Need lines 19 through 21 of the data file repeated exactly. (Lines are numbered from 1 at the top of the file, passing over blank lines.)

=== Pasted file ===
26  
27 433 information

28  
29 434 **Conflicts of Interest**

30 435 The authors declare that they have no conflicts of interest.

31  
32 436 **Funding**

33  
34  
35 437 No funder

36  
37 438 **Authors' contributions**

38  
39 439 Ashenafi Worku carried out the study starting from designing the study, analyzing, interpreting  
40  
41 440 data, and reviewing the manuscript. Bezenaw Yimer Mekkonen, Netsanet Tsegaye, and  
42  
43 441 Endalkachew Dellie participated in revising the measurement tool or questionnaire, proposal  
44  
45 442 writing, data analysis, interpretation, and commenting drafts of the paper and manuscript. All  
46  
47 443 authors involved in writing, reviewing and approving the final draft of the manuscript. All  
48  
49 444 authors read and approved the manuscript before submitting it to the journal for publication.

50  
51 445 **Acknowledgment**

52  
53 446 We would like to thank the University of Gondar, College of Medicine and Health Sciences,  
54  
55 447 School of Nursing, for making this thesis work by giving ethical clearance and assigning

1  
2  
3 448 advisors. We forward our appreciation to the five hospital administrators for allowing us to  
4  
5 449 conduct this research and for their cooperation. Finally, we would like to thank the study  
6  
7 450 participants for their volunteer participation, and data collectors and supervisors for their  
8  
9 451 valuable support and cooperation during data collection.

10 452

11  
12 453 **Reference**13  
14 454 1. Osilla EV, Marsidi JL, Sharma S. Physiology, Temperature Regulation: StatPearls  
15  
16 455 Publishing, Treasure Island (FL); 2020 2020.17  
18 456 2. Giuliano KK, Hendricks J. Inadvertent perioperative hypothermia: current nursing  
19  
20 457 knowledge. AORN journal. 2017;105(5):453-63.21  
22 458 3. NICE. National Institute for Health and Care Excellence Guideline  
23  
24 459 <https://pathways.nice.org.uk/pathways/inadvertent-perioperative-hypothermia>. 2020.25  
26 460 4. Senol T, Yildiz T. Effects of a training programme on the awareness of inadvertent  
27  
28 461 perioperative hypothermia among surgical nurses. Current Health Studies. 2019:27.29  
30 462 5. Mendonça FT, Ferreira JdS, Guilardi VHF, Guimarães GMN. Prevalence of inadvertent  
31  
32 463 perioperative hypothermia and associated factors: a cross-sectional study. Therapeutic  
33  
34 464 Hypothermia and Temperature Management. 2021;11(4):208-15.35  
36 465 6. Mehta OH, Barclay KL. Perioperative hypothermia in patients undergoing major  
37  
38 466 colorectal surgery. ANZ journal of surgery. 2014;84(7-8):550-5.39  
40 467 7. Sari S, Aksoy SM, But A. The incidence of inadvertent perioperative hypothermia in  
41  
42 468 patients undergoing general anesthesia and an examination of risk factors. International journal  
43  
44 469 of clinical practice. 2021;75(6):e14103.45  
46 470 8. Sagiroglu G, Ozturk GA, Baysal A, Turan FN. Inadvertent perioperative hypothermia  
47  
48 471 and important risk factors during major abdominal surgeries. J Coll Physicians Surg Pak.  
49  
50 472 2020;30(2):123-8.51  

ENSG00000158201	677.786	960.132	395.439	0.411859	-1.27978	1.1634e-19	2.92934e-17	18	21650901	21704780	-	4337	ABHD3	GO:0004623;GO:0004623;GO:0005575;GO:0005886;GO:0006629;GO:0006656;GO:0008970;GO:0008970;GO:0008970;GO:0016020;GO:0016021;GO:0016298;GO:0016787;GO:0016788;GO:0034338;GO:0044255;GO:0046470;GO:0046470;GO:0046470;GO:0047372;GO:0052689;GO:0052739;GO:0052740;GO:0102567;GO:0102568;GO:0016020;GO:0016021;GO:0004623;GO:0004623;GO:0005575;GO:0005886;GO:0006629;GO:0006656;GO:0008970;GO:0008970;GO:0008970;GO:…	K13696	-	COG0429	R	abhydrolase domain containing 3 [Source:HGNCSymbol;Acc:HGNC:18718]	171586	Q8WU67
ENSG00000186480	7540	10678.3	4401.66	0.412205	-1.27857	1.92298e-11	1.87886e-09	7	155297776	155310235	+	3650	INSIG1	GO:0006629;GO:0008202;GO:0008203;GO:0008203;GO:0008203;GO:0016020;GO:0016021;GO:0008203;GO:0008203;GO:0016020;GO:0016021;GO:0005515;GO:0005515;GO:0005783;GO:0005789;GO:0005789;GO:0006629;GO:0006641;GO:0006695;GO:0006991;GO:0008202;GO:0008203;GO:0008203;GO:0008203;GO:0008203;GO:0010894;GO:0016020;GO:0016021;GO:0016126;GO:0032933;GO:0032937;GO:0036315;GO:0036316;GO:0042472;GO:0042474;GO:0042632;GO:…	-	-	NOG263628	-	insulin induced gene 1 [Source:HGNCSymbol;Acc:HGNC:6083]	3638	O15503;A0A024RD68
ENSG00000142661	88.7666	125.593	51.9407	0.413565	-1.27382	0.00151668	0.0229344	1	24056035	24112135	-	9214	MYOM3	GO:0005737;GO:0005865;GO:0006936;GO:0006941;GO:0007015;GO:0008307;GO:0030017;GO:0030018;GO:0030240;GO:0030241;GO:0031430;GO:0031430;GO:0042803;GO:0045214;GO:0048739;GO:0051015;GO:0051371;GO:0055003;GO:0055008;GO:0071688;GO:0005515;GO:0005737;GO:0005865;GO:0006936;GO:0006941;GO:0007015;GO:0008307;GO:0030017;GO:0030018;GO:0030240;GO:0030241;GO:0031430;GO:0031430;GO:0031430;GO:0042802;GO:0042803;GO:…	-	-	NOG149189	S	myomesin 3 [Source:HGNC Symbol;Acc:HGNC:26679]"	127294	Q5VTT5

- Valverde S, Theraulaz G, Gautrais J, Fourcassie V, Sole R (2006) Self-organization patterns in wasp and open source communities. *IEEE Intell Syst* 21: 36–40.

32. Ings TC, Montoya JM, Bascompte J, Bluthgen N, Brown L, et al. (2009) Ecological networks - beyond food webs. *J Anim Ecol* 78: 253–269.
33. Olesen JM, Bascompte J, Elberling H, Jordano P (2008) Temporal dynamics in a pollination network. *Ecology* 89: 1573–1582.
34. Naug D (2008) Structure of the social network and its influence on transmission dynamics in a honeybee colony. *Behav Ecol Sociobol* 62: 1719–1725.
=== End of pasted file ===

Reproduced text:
44  
45 442 writing, data analysis, interpretation, and commenting drafts of the paper and manuscript. All  
46  